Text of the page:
Vice-President Nicolas Maduro broke the news on national television. Chavez died at 4:25 p.m. local time, Maduro said, though the exact cause of death was not released.
With tears running down his face, Maduro called on Venezuelans to be "dignified inheritors of the giant man" Chavez was.
Chavez, who was one of Latin America's highest-profile leaders since he swept into office in 1998, had been struggling with cancer for almost two years and had recently undergone surgery in Cuba.
Chavez's condition had worsened in recent weeks and the leader had been completely out of the public eye. This week, he contracted a "severe infection," Venezuela's Communications Minister Ernesto Villegas said.
Chavez won re-election in October 2012, defeating Henrique Capriles in a bitter campaign. Capriles attacked Chavez's government for issues including rampant violent crime and corruption, winning about 45 per cent of the popular vote in the process.
Maduro, a loyal spokesman for Chavez, is set to lead Venezuela. The opposition, however, is expected to contest Maduro in a snap election that it argues should have been called after Chavez was unable to be sworn in on Jan. 10 as the constitution stipulates.
Shortly after his re-election, Chavez flew to Cuba for cancer treatment. It was his second major bout with the disease.
The Venezuelan government released a "proof of life" photo of Chavez in a Cuban hospital bed, smiling, with his daughters at his side, but the status of his recovery remained unclear. Chavez returned to Venezuela in February, but remained hidden from public view.
The government said Chavez was undergoing "chemotherapy of strong impact."
Chavez — a close friend of Cuban leader Fidel Castro — was known as an antagonist to the American government, though former Canadian Prime Minister Jean Chrétien remembered him fondly on CBC-TV's Power and Politics.
"He was a very colourful politician who had very different policies than many of us, but I had the privilege to meet him many times," Chrétien said.
"He did his best, even if we did not agree many times on the issues."
International community responds
Prime Minister Stephen Harper released a statement offering his condolences to Venezuela's citizens.
"At this key juncture, I hope the people of Venezuela can now build for themselves a better, brighter future based on the principles of freedom, democracy, the rule of law and respect for human rights," the statement said.
U.S. President Barack Obama also issued a statement Tuesday.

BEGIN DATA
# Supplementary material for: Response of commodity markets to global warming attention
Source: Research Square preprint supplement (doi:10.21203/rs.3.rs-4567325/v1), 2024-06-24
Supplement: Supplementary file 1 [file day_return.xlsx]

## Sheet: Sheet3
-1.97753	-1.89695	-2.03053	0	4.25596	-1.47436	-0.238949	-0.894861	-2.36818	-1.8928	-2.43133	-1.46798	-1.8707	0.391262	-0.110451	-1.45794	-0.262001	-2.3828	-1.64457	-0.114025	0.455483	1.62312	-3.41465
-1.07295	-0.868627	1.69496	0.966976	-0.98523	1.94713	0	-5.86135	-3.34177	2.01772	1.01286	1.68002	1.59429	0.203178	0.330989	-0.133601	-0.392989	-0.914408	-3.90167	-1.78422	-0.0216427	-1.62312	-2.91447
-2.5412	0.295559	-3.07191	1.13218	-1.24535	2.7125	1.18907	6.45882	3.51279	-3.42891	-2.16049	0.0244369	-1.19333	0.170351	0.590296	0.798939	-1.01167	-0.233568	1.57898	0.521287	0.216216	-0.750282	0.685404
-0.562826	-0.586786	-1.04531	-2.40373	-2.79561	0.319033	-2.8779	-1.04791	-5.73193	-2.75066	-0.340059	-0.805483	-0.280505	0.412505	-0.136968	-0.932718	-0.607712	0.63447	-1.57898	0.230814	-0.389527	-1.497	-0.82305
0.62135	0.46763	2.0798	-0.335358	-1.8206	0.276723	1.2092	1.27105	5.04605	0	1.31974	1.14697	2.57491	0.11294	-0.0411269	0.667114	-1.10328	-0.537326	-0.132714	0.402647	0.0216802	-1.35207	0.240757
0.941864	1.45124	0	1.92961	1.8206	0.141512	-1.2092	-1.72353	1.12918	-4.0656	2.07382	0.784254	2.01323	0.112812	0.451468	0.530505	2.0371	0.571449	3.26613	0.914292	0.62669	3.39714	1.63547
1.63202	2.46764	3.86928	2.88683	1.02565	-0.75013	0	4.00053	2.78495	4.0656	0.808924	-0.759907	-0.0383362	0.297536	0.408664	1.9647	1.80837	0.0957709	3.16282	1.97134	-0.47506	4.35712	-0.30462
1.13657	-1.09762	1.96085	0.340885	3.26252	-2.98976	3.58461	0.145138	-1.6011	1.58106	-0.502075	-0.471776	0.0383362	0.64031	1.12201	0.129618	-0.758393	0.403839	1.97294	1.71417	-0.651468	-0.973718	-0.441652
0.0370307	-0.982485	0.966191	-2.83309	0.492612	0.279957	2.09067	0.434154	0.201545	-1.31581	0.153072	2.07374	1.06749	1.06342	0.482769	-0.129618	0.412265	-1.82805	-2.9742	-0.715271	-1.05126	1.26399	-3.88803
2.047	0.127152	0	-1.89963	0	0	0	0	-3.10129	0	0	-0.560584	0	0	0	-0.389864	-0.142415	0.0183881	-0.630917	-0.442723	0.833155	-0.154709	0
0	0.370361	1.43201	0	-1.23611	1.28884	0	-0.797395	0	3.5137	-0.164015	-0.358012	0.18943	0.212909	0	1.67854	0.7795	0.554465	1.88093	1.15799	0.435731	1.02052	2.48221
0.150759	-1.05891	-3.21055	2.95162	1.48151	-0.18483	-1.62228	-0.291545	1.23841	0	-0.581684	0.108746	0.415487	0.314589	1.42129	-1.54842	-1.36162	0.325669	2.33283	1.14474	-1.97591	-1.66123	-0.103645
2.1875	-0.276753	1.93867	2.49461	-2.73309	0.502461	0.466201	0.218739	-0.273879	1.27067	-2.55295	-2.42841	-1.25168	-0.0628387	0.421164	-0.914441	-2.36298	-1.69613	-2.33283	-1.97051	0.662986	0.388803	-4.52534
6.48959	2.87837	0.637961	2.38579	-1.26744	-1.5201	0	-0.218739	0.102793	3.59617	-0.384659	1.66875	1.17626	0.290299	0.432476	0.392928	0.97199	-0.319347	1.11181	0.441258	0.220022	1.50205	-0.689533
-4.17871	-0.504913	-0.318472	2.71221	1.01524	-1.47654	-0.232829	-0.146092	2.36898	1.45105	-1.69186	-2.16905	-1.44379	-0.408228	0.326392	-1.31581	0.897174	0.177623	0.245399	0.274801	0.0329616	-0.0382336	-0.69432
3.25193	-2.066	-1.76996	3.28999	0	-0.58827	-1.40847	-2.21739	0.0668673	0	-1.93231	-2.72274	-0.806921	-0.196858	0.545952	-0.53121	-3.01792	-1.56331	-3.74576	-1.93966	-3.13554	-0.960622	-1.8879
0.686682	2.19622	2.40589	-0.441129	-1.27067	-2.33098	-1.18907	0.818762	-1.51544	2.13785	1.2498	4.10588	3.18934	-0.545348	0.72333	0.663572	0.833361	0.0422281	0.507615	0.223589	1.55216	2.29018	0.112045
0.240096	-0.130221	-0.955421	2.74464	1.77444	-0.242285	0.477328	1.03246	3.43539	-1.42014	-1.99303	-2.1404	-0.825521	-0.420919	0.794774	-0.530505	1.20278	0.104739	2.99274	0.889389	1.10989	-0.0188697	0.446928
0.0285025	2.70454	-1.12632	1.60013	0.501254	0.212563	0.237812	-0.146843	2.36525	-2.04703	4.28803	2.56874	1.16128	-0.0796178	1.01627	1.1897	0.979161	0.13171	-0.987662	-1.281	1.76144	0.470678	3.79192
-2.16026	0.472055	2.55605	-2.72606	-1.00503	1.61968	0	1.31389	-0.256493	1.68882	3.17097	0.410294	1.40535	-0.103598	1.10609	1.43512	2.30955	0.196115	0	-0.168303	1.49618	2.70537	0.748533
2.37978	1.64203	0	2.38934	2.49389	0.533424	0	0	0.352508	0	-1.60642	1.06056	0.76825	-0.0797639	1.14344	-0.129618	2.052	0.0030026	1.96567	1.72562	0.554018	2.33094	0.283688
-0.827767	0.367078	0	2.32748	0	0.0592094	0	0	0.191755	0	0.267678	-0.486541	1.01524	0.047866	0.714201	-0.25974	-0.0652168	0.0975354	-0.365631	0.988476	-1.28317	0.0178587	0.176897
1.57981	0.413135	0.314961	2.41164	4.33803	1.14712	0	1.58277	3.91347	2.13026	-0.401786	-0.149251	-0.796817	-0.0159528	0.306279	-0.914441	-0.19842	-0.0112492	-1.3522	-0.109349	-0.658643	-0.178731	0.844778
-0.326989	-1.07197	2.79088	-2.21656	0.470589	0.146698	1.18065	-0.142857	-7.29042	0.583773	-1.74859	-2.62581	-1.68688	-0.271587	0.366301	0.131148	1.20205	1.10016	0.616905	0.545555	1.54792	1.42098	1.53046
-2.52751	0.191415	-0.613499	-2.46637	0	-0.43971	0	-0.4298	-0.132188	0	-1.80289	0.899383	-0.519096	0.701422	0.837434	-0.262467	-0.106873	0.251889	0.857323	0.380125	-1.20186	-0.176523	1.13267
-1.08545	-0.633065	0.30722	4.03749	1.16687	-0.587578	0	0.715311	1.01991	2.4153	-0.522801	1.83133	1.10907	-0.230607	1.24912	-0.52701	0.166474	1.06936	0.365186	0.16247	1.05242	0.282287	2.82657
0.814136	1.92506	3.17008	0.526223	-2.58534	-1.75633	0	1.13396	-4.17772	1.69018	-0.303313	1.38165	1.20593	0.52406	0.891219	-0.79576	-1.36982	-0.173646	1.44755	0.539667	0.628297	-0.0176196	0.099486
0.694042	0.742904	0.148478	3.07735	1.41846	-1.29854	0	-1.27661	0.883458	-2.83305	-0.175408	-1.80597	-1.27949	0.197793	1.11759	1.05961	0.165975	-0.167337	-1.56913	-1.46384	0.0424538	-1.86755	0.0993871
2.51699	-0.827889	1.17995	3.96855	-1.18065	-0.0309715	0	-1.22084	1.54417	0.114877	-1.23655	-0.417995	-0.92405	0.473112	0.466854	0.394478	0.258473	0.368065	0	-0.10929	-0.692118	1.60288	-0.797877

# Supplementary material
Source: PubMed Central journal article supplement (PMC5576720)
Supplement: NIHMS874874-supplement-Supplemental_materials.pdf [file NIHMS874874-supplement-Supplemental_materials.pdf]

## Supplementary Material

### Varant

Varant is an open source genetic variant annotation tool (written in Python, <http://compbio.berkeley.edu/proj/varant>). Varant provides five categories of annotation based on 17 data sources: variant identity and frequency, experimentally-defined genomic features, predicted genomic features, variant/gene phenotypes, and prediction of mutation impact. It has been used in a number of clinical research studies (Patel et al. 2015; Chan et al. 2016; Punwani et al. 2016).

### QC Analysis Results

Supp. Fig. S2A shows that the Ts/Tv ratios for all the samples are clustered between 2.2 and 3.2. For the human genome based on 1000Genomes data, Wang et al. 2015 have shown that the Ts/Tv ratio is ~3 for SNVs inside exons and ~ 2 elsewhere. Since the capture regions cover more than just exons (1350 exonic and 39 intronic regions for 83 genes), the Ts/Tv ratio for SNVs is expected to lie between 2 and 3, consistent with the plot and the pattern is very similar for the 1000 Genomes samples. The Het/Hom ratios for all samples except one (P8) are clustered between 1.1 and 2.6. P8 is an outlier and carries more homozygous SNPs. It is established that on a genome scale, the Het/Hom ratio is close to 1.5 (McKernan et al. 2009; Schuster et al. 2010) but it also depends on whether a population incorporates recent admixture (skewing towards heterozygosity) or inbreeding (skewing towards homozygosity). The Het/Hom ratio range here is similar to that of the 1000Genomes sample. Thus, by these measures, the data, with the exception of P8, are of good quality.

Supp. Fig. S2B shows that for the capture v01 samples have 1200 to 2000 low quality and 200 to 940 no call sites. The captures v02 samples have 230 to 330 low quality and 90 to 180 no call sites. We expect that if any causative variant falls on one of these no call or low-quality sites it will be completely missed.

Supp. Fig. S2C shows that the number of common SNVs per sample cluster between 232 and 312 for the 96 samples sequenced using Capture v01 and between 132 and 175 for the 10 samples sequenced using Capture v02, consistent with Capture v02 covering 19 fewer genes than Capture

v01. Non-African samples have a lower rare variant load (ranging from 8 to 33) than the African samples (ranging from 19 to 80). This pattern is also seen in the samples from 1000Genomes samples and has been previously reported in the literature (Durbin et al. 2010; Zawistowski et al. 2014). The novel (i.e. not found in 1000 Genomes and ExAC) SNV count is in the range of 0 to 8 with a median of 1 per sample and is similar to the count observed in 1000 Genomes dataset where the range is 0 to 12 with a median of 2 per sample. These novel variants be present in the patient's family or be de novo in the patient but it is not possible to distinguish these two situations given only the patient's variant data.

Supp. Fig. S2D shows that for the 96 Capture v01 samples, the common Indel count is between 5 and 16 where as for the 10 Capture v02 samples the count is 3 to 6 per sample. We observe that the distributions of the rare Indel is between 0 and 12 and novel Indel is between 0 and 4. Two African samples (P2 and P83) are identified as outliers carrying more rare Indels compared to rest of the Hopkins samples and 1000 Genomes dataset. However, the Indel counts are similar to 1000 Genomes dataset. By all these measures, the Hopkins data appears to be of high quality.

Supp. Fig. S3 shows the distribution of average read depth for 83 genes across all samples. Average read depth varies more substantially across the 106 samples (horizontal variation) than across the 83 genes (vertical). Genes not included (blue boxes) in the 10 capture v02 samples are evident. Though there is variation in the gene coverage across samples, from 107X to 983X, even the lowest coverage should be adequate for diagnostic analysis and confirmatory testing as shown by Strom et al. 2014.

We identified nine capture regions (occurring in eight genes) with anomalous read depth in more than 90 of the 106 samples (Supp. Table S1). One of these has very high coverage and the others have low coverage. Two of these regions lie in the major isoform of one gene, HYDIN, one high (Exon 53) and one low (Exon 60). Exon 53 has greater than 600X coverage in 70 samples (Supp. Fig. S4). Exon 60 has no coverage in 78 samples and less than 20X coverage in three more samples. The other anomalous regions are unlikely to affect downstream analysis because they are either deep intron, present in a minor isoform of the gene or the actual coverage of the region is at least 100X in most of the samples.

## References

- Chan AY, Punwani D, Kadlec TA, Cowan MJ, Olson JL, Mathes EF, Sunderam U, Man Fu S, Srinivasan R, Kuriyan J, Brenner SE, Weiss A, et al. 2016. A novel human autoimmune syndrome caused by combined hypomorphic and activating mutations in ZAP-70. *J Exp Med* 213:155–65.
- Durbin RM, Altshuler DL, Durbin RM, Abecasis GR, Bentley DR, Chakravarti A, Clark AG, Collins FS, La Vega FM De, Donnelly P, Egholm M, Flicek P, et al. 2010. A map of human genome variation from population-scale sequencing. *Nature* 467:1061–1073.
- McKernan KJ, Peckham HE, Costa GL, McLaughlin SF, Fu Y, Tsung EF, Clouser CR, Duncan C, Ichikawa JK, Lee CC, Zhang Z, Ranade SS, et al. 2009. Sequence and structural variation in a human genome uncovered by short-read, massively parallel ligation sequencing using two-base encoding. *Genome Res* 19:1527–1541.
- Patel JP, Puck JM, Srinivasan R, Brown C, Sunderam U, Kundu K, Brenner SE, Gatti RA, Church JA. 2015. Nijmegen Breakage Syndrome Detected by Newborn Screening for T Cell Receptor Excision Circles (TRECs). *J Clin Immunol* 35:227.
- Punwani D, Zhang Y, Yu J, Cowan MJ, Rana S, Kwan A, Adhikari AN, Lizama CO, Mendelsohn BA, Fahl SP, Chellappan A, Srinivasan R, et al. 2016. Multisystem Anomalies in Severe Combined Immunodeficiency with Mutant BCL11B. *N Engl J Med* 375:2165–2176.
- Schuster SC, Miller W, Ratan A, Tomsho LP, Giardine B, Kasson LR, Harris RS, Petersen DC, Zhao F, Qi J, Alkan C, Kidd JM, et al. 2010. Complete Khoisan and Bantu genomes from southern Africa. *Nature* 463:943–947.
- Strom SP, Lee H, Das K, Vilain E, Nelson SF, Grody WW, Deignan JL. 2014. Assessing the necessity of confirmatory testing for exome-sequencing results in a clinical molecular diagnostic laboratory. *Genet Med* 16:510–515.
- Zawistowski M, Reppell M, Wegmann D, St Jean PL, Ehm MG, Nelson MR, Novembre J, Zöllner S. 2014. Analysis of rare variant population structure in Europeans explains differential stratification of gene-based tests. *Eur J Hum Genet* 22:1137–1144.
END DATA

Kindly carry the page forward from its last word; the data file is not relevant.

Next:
"At this challenging time of President Hugo Chavez's passing, the United States reaffirms its support for the Venezuelan people and its interest in developing a constructive relationship with the Venezuelan government," it said.
Other U.S. politicians, like California Republican Congressman Ed Royce, were less than kind.
“Hugo Chavez was a tyrant who forced the people of Venezuela to live in fear," Royce said. "His death dents the alliance of anti-U.S. leftist leaders in South America. Good riddance to this dictator."
Some 190,000 Venezuelans, many of whom are anti-Chavez, live in the U.S.
UN Secretary General Ban Ki-moon extended his condolences to Chavez's family and the country of Venezuela, while Vitaly Churkin, Russia's ambassador to the UN, called Chavez's death "a tragedy."
Venezuela's leadership calls for calm
Opposition leader Capriles issued two tweets following Chavez's death, one offering his sympathy to Chavez's family and supporters and a second calling for solidarity among Venezuelans.
"In difficult times we must show our deep love and respect for our Venezuela!" Capriles tweeted, in Spanish.
Diego Molero, Venezuela's defence minister, said the military will remain loyal to the constitution in the wake of Chavez's death.
Admiral Molero appealed for "unity, tranquility and understanding" among Venezuelans, as the country finds itself without the man who led the country for more than 14 years.
Photojournalists in Venezuela captured images of riot police on the streets of Caracas, though the mourning has remained mostly peaceful. Shops and restaurants closed early in the capital and many Venezuelans hustled for home, some even breaking into a run.
"I feel a sorrow so big I can't speak," Yamilina Barrios, a 39-year-old clerk who works in the Industry Ministry, told The Associated Press, with her face covered in tears.
"He was the best this country had," she said.
In the only immediately known incident of political violence, a group of masked, helmeted men on motorcycles, some brandishing revolvers, attacked about 40 students who had been protesting for more than a week near the Supreme Court building to demand the government give more information about Chavez's health.
The attackers, who wore no clothing identifying any political allegiance, burned the students' tents and scattered their food just minutes after the death was announced.